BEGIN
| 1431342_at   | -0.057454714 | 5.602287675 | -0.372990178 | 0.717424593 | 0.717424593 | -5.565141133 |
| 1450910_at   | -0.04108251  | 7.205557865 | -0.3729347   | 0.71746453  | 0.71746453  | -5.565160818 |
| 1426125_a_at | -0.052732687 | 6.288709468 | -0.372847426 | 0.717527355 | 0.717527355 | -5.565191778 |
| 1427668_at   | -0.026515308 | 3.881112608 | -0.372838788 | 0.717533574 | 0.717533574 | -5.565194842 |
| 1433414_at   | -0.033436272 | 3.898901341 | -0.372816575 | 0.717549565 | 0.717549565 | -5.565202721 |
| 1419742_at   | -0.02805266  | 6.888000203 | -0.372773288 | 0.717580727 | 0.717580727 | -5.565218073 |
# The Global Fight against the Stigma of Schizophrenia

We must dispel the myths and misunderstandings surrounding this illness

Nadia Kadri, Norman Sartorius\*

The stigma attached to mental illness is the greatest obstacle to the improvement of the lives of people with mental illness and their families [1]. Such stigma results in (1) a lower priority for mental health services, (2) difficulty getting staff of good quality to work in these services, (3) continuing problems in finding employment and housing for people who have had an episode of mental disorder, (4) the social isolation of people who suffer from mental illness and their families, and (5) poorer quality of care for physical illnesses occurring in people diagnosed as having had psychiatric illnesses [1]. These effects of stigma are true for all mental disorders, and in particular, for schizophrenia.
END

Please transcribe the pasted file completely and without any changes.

| 1431342_at   | -0.057454714 | 5.602287675 | -0.372990178 | 0.717424593 | 0.717424593 | -5.565141133 |
| 1450910_at   | -0.04108251  | 7.205557865 | -0.3729347   | 0.71746453  | 0.71746453  | -5.565160818 |
| 1426125_a_at | -0.052732687 | 6.288709468 | -0.372847426 | 0.717527355 | 0.717527355 | -5.565191778 |
| 1427668_at   | -0.026515308 | 3.881112608 | -0.372838788 | 0.717533574 | 0.717533574 | -5.565194842 |
| 1433414_at   | -0.033436272 | 3.898901341 | -0.372816575 | 0.717549565 | 0.717549565 | -5.565202721 |
| 1419742_at   | -0.02805266  | 6.888000203 | -0.372773288 | 0.717580727 | 0.717580727 | -5.565218073 |
# The Global Fight against the Stigma of Schizophrenia

We must dispel the myths and misunderstandings surrounding this illness

Nadia Kadri, Norman Sartorius\*

The stigma attached to mental illness is the greatest obstacle to the improvement of the lives of people with mental illness and their families [1]. Such stigma results in (1) a lower priority for mental health services, (2) difficulty getting staff of good quality to work in these services, (3) continuing problems in finding employment and housing for people who have had an episode of mental disorder, (4) the social isolation of people who suffer from mental illness and their families, and (5) poorer quality of care for physical illnesses occurring in people diagnosed as having had psychiatric illnesses [1]. These effects of stigma are true for all mental disorders, and in particular, for schizophrenia.